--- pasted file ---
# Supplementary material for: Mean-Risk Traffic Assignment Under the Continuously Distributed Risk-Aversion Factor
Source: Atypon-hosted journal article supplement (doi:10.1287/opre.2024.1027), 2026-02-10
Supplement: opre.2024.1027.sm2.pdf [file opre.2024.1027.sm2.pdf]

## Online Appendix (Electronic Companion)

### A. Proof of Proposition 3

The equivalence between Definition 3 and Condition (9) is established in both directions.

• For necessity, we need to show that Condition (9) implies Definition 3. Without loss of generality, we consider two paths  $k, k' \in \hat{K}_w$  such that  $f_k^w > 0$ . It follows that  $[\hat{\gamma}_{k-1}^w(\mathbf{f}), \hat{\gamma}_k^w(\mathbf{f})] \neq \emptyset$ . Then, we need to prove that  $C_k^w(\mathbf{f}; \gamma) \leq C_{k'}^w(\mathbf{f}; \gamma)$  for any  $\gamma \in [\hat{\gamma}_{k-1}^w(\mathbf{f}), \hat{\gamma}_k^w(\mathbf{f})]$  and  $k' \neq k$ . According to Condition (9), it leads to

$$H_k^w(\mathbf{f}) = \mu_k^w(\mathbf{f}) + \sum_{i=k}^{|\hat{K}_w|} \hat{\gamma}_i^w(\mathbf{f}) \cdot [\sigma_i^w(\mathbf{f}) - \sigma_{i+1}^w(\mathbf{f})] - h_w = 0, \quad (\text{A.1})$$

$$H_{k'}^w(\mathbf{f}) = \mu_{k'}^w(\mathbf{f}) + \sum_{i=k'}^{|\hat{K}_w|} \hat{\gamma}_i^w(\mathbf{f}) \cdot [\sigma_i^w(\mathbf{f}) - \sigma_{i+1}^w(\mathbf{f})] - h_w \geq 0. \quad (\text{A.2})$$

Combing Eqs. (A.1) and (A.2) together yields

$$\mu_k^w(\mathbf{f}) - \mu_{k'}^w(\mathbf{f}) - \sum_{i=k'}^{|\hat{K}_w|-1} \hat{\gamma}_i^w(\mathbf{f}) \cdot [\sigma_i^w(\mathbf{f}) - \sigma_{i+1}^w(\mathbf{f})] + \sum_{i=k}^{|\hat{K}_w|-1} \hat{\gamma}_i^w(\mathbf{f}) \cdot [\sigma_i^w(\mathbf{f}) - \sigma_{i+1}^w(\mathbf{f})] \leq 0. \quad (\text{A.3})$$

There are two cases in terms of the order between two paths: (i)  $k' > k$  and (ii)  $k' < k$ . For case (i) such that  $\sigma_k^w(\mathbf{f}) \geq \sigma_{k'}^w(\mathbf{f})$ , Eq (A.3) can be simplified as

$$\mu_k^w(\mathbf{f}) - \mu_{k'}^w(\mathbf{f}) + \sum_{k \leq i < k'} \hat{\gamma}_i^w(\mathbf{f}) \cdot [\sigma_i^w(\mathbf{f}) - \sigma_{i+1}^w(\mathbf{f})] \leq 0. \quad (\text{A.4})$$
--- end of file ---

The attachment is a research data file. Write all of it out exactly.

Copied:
# Supplementary material for: Mean-Risk Traffic Assignment Under the Continuously Distributed Risk-Aversion Factor
Source: Atypon-hosted journal article supplement (doi:10.1287/opre.2024.1027), 2026-02-10
Supplement: opre.2024.1027.sm2.pdf [file opre.2024.1027.sm2.pdf]

## Online Appendix (Electronic Companion)

### A. Proof of Proposition 3

The equivalence between Definition 3 and Condition (9) is established in both directions.

• For necessity, we need to show that Condition (9) implies Definition 3. Without loss of generality, we consider two paths  $k, k' \in \hat{K}_w$  such that  $f_k^w > 0$ . It follows that  $[\hat{\gamma}_{k-1}^w(\mathbf{f}), \hat{\gamma}_k^w(\mathbf{f})] \neq \emptyset$ . Then, we need to prove that  $C_k^w(\mathbf{f}; \gamma) \leq C_{k'}^w(\mathbf{f}; \gamma)$  for any  $\gamma \in [\hat{\gamma}_{k-1}^w(\mathbf{f}), \hat{\gamma}_k^w(\mathbf{f})]$  and  $k' \neq k$ . According to Condition (9), it leads to

$$H_k^w(\mathbf{f}) = \mu_k^w(\mathbf{f}) + \sum_{i=k}^{|\hat{K}_w|} \hat{\gamma}_i^w(\mathbf{f}) \cdot [\sigma_i^w(\mathbf{f}) - \sigma_{i+1}^w(\mathbf{f})] - h_w = 0, \quad (\text{A.1})$$

$$H_{k'}^w(\mathbf{f}) = \mu_{k'}^w(\mathbf{f}) + \sum_{i=k'}^{|\hat{K}_w|} \hat{\gamma}_i^w(\mathbf{f}) \cdot [\sigma_i^w(\mathbf{f}) - \sigma_{i+1}^w(\mathbf{f})] - h_w \geq 0. \quad (\text{A.2})$$

Combing Eqs. (A.1) and (A.2) together yields

$$\mu_k^w(\mathbf{f}) - \mu_{k'}^w(\mathbf{f}) - \sum_{i=k'}^{|\hat{K}_w|-1} \hat{\gamma}_i^w(\mathbf{f}) \cdot [\sigma_i^w(\mathbf{f}) - \sigma_{i+1}^w(\mathbf{f})] + \sum_{i=k}^{|\hat{K}_w|-1} \hat{\gamma}_i^w(\mathbf{f}) \cdot [\sigma_i^w(\mathbf{f}) - \sigma_{i+1}^w(\mathbf{f})] \leq 0. \quad (\text{A.3})$$

There are two cases in terms of the order between two paths: (i)  $k' > k$  and (ii)  $k' < k$ . For case (i) such that  $\sigma_k^w(\mathbf{f}) \geq \sigma_{k'}^w(\mathbf{f})$ , Eq (A.3) can be simplified as

$$\mu_k^w(\mathbf{f}) - \mu_{k'}^w(\mathbf{f}) + \sum_{k \leq i < k'} \hat{\gamma}_i^w(\mathbf{f}) \cdot [\sigma_i^w(\mathbf{f}) - \sigma_{i+1}^w(\mathbf{f})] \leq 0. \quad (\text{A.4})$$